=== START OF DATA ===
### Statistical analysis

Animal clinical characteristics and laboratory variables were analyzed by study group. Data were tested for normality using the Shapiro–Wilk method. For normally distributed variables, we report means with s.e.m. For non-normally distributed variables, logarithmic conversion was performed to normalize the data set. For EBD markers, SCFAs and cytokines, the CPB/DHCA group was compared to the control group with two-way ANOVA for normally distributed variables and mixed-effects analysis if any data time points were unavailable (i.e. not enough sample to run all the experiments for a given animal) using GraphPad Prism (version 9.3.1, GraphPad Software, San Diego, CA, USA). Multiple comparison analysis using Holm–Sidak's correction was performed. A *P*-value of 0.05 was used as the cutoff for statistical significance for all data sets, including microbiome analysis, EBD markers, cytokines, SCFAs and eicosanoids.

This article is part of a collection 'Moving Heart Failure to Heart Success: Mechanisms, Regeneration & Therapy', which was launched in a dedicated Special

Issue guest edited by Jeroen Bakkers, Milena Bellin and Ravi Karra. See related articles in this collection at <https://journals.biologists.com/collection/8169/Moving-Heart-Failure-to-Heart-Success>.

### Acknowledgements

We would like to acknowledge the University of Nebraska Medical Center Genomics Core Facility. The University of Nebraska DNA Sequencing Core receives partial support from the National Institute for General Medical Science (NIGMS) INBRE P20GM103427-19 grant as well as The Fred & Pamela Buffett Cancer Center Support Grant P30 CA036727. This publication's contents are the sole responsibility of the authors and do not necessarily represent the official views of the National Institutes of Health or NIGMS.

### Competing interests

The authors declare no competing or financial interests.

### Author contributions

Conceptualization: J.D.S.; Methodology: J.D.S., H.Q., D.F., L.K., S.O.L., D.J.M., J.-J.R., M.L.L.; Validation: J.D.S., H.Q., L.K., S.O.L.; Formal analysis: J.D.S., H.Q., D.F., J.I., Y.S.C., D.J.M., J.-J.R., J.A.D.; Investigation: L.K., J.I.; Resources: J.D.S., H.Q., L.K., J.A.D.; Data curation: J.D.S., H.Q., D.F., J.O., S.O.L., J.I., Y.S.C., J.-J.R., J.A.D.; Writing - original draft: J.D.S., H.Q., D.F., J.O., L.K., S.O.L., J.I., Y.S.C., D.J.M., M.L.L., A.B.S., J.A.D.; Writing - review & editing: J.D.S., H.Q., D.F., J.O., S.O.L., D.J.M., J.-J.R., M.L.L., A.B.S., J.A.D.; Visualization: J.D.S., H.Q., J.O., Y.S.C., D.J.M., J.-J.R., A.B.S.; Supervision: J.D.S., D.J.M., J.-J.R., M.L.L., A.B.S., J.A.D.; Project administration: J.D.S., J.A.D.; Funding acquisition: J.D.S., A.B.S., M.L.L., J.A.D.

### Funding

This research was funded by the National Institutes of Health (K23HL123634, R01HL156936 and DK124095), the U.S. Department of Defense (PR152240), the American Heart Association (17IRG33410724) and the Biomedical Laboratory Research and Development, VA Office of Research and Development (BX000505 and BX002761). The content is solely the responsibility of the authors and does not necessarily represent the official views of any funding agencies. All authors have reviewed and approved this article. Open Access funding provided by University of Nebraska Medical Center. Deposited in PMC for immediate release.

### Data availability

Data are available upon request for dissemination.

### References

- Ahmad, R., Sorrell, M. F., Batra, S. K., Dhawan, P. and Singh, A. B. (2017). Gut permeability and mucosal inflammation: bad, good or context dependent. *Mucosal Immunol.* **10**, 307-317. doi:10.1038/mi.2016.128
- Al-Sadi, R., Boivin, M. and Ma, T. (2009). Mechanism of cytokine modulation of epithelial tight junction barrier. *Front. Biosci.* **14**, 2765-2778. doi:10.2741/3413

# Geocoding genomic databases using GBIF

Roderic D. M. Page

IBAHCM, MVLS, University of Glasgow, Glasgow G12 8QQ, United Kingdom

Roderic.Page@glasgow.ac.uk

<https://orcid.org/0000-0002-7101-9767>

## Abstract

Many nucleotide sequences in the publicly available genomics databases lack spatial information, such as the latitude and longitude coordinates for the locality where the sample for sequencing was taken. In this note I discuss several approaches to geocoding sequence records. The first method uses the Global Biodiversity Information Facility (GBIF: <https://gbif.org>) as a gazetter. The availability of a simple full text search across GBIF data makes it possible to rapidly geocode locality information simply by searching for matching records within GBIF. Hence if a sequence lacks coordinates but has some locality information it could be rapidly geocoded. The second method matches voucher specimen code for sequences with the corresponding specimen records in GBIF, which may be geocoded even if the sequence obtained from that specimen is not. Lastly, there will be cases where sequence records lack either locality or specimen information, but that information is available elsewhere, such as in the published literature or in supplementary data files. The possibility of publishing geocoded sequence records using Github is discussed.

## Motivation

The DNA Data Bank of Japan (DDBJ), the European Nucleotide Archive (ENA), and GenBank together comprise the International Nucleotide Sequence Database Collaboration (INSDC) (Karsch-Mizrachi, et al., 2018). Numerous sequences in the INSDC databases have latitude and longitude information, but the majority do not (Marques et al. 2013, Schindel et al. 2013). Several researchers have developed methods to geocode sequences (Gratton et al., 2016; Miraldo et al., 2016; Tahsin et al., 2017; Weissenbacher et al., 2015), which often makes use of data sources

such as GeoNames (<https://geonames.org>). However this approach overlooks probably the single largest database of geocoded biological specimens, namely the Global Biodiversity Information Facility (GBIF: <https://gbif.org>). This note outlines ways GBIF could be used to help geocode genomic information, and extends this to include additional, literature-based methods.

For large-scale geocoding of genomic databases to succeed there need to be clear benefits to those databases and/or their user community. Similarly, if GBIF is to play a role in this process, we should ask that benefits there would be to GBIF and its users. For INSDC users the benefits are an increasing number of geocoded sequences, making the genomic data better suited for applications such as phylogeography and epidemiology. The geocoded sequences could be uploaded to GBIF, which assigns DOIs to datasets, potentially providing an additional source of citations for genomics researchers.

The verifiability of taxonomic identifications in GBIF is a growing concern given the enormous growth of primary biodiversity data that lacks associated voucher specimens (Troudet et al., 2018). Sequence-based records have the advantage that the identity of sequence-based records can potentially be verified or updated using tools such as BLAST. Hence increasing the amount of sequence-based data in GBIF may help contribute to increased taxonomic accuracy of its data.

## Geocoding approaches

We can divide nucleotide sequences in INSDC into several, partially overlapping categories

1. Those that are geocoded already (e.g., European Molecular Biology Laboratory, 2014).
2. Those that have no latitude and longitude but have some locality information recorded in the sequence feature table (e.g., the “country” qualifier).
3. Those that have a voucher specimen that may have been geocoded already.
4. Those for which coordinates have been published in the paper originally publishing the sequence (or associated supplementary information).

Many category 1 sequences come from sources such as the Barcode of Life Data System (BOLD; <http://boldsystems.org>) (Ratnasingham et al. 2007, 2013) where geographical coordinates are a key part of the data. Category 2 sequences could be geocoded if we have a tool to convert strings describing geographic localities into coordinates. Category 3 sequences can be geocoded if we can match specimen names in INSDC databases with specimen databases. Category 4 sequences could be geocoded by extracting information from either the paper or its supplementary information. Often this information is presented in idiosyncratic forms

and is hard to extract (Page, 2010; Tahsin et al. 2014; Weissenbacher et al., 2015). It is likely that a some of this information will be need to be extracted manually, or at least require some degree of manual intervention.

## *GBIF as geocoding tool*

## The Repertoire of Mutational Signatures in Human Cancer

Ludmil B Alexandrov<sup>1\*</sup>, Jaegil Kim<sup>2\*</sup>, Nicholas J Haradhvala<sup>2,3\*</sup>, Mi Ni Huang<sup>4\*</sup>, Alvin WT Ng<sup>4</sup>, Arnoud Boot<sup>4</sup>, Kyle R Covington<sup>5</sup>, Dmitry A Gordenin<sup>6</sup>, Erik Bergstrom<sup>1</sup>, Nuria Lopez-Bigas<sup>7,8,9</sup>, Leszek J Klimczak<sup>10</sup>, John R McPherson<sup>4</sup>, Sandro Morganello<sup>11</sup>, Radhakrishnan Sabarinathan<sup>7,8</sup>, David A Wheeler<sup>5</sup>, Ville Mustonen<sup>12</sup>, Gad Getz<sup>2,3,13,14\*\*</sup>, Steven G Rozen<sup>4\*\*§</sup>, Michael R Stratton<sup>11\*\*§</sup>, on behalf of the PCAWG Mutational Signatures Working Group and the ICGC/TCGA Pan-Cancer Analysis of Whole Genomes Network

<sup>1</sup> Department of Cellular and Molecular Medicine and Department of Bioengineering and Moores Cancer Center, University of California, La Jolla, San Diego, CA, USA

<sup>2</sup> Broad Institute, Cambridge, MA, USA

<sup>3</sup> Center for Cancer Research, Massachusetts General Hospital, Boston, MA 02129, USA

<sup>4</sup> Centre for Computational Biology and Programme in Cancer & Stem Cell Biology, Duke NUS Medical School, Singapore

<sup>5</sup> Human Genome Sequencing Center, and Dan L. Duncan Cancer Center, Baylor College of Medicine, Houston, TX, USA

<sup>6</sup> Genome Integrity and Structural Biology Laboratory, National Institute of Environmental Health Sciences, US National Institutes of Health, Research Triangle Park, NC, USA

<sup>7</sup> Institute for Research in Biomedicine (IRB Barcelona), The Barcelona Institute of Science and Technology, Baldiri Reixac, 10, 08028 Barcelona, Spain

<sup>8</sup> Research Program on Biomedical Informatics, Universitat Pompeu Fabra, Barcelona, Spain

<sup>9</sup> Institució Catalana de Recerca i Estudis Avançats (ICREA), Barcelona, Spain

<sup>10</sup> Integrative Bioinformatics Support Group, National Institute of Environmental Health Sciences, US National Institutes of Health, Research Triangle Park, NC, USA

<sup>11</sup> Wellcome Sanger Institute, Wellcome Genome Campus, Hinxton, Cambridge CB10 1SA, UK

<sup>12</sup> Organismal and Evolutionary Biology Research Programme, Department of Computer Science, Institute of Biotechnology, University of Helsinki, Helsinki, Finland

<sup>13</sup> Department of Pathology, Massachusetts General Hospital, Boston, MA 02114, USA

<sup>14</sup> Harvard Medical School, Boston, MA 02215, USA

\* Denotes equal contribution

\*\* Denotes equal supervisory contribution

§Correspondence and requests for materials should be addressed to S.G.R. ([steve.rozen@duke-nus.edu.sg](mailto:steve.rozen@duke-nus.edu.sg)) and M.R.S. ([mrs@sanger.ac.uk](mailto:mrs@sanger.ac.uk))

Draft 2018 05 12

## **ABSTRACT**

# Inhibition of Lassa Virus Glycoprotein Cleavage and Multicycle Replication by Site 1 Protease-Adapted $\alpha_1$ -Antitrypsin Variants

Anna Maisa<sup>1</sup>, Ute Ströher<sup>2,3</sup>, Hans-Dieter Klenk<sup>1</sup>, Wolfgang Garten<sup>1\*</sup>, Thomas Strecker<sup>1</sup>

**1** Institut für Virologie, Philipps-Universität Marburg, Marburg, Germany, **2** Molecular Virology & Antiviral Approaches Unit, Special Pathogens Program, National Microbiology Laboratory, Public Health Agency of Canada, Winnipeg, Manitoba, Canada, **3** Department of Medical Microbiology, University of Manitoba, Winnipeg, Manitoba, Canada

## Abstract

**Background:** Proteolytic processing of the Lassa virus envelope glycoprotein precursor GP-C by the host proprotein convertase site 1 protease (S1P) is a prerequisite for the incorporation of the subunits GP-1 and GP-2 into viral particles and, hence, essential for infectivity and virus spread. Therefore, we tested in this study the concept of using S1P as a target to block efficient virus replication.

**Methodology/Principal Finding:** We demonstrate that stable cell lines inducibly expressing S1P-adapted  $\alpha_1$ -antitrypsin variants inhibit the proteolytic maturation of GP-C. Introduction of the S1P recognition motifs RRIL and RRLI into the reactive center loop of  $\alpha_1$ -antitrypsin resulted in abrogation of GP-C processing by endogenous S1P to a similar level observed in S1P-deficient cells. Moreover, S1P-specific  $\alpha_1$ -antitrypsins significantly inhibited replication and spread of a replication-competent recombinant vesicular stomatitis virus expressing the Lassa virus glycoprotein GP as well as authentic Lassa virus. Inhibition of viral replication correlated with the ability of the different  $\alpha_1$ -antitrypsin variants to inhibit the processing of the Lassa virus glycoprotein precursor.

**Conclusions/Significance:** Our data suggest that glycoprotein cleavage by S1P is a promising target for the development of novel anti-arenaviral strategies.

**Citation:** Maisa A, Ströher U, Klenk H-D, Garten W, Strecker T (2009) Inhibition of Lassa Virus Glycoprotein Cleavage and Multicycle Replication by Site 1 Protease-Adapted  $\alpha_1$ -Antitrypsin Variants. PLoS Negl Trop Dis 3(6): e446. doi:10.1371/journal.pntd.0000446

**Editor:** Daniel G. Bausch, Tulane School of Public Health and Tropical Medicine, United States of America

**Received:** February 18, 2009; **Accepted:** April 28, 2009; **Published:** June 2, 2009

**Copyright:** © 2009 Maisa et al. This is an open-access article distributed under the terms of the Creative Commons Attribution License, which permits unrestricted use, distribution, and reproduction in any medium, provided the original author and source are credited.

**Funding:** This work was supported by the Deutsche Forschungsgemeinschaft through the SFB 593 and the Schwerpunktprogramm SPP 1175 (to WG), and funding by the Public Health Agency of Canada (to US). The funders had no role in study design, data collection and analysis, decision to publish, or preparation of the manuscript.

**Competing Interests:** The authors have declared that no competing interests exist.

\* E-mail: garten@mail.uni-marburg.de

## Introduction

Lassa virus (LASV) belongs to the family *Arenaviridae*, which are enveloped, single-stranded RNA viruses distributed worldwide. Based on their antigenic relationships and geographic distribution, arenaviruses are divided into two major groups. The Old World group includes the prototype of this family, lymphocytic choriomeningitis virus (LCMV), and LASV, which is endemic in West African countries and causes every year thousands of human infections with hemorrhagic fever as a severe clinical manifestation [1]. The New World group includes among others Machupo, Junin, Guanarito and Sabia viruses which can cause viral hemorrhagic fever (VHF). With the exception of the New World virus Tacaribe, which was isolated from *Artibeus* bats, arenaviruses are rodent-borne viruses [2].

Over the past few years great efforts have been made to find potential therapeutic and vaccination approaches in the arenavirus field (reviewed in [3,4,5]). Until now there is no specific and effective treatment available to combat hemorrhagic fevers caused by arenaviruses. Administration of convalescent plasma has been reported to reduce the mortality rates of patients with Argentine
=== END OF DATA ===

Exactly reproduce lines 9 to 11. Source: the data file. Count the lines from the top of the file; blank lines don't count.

### Author contributions

Conceptualization: J.D.S.; Methodology: J.D.S., H.Q., D.F., L.K., S.O.L., D.J.M., J.-J.R., M.L.L.; Validation: J.D.S., H.Q., L.K., S.O.L.; Formal analysis: J.D.S., H.Q., D.F., J.I., Y.S.C., D.J.M., J.-J.R., J.A.D.; Investigation: L.K., J.I.; Resources: J.D.S., H.Q., L.K., J.A.D.; Data curation: J.D.S., H.Q., D.F., J.O., S.O.L., J.I., Y.S.C., J.-J.R., J.A.D.; Writing - original draft: J.D.S., H.Q., D.F., J.O., L.K., S.O.L., J.I., Y.S.C., D.J.M., M.L.L., A.B.S., J.A.D.; Writing - review & editing: J.D.S., H.Q., D.F., J.O., S.O.L., D.J.M., J.-J.R., M.L.L., A.B.S., J.A.D.; Visualization: J.D.S., H.Q., J.O., Y.S.C., D.J.M., J.-J.R., A.B.S.; Supervision: J.D.S., D.J.M., J.-J.R., M.L.L., A.B.S., J.A.D.; Project administration: J.D.S., J.A.D.; Funding acquisition: J.D.S., A.B.S., M.L.L., J.A.D.

### Funding